Source: Kristensen, E. et al. 2020. Nitrogen and Phosphorus Export After Flooding of Agricultural Land by Coastal Managed Realignment. Estuaries and Coasts. DOI: 10.1007/s12237-020-00785-2

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Oil Platforms Can Serve as Artificial Reefs
Platforms in the Gulf of Mexico offer shelter for young fishes

Thousands of oil and gas platforms can be found throughout the northern Gulf of Mexico. Because hard substrate is so rare in this region, these platforms attract a high diversity of fishes looking for food and shelter. To better understand this phenomenon, researchers conducted remote video surveys of the structure and seafloor around 322 small unmanned platforms in waters up to 18 meters deep for two years; surveys were also conducted at a subset of these platforms by a pair of divers.

Fifty-five fish species were documented around these platforms in shallow coastal waters, including the once critically endangered Atlantic goliath grouper. Notably, 29 species were represented at least partially by young-of-the-year or by juveniles less than two years old. The abundance and diversity of fishes differed based on environmental variables such as river discharge, sediment composition, dissolved oxygen, and the distribution of Sargassum macroalgae drifts. For example, the likelihood of red snapper young-of-the-year occurrence increased with bottom dissolved oxygen saturation. Given the seasonal hypoxic zone found in this area, the platforms may provide refuge for young fishes forced by low-oxygen patches to swim up the water column where they would otherwise be exposed to predators. Likewise, when Sargassum drifts wash up on beaches, the associated fishes turn to platforms as alternative habitat.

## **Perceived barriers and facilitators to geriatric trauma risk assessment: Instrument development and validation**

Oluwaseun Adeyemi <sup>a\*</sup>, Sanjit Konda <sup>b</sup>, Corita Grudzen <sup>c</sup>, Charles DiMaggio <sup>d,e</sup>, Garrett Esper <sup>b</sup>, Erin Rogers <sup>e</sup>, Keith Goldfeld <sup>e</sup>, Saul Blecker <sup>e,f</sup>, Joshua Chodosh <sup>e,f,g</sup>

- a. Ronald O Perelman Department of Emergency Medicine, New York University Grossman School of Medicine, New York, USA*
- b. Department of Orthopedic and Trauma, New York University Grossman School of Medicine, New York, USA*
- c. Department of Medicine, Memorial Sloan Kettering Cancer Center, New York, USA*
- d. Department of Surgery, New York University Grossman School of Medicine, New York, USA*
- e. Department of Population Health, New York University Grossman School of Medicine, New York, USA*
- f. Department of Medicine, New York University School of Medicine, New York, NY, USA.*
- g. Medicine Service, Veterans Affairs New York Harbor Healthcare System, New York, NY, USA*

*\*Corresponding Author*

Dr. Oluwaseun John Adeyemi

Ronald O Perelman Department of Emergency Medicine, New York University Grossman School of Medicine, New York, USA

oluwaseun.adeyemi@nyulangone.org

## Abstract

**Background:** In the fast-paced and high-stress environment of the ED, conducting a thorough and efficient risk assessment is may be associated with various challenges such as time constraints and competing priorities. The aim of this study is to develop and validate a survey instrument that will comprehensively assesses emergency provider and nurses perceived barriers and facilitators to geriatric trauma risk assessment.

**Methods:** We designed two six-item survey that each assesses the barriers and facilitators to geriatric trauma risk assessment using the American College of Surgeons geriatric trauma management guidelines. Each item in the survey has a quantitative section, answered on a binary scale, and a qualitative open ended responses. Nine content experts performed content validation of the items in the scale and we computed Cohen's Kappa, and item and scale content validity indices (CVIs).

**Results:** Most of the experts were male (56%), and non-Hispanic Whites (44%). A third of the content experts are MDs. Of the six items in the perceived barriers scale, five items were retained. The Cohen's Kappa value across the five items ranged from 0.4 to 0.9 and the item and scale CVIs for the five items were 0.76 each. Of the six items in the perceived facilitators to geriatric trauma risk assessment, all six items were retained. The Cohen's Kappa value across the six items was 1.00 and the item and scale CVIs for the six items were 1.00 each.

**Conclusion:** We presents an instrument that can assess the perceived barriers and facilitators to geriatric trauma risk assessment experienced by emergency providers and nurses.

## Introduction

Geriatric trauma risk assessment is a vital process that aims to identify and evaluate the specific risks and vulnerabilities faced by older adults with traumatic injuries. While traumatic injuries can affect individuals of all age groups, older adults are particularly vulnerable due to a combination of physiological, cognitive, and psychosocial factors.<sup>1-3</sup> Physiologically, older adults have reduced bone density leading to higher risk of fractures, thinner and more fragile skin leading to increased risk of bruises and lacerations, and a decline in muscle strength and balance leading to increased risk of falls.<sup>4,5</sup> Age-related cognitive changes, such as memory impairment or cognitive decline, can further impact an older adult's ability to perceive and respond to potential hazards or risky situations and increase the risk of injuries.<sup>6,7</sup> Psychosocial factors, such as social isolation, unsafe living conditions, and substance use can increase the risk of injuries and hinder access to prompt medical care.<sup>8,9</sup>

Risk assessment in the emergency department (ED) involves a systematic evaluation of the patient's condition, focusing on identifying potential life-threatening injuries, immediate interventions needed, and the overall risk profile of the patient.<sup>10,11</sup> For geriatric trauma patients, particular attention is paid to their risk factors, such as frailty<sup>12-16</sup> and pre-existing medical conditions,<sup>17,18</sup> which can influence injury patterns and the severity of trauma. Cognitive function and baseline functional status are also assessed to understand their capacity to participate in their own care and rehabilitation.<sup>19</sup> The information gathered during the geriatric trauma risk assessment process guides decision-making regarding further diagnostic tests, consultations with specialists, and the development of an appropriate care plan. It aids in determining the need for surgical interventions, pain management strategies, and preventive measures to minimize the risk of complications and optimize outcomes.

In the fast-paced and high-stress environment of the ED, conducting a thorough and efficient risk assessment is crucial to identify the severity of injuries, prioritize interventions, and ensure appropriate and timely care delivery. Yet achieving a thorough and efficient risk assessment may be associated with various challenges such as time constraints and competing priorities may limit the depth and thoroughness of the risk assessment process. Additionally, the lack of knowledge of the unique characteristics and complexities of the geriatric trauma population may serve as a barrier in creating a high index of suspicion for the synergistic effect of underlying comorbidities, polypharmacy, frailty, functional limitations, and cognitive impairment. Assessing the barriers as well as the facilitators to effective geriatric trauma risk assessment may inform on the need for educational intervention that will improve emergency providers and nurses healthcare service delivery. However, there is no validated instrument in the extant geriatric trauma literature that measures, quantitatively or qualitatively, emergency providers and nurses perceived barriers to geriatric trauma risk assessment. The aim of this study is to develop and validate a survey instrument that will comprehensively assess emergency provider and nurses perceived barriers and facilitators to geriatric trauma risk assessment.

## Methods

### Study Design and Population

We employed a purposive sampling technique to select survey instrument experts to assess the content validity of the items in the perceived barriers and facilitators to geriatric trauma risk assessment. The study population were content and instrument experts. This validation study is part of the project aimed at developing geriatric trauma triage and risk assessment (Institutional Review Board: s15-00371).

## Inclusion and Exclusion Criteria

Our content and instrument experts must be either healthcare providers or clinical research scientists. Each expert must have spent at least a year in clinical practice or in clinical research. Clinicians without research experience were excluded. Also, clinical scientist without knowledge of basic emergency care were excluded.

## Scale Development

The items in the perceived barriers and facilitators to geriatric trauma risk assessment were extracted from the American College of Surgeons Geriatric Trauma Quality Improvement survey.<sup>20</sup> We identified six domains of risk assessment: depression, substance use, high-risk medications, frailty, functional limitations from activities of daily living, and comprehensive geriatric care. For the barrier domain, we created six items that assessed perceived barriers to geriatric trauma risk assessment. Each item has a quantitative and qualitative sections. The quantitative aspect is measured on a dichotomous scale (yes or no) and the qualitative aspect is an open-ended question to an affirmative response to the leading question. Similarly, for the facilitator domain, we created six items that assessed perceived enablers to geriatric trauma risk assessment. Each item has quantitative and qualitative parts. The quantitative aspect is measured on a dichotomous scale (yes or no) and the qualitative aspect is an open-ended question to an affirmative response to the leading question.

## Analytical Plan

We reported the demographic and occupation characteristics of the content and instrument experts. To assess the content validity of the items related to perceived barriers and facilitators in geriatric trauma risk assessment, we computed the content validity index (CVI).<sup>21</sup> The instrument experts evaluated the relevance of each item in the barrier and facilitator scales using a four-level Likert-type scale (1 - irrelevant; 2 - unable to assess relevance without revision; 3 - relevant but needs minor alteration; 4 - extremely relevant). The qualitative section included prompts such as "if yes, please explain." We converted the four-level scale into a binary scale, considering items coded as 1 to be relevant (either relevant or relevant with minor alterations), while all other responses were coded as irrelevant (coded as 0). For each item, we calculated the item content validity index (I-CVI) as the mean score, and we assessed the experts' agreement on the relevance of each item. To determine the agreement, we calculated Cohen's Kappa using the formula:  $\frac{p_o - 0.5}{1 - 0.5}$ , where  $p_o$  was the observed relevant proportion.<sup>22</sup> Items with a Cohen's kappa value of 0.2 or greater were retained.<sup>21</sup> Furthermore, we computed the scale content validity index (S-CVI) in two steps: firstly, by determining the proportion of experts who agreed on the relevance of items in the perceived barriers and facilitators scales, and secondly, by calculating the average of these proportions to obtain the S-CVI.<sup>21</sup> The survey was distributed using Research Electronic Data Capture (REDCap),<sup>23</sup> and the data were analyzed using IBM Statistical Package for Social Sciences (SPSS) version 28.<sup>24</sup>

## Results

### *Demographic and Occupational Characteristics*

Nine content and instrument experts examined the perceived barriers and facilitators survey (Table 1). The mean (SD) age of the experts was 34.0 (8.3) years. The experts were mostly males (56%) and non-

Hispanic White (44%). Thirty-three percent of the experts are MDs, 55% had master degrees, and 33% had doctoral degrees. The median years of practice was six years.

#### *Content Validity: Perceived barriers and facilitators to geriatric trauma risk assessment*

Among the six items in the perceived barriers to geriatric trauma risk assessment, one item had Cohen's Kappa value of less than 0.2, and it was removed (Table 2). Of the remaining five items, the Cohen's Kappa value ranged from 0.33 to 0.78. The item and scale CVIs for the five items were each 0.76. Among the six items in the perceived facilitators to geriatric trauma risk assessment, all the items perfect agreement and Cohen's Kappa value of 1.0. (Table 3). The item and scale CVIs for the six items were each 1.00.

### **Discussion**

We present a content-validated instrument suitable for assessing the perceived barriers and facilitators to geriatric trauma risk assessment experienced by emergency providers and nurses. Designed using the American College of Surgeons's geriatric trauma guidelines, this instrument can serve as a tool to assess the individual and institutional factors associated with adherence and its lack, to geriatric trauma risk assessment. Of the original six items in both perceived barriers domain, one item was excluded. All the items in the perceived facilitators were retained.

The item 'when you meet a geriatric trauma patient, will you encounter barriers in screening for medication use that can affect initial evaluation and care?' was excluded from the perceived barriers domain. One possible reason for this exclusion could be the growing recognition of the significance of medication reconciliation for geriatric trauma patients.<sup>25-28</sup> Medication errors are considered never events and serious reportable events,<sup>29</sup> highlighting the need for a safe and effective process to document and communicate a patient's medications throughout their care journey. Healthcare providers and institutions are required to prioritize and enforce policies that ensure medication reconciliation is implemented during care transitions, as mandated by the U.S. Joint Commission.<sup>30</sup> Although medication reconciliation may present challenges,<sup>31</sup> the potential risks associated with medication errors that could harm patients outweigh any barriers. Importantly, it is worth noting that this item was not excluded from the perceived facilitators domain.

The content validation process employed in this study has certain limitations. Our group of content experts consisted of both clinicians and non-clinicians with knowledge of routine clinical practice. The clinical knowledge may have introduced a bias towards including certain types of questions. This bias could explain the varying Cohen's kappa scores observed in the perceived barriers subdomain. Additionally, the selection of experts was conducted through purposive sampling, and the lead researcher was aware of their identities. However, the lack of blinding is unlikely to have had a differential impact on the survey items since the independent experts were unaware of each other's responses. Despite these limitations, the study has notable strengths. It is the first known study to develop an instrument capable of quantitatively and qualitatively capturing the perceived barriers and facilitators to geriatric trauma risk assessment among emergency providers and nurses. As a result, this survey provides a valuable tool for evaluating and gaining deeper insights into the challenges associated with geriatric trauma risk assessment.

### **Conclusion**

Currently, decommissioned platforms must be removed within a year, and this is often done using explosives—resulting in high fish mortality. However, this study suggests that nearshore platforms function as nurseries and suitable reef habitat for fishes, which can be important in areas with high nutrient inputs that are susceptible to eutrophication and widespread bottom water hypoxia.

Source: Munnelly, R.T. et al. 2020. Spatial and Temporal Influences of Nearshore Hydrography on Fish Assemblages Associated with Energy Platforms in the Northern Gulf of Mexico. Estuaries and Coasts. DOI: 10.1007/s12237-020-00772-7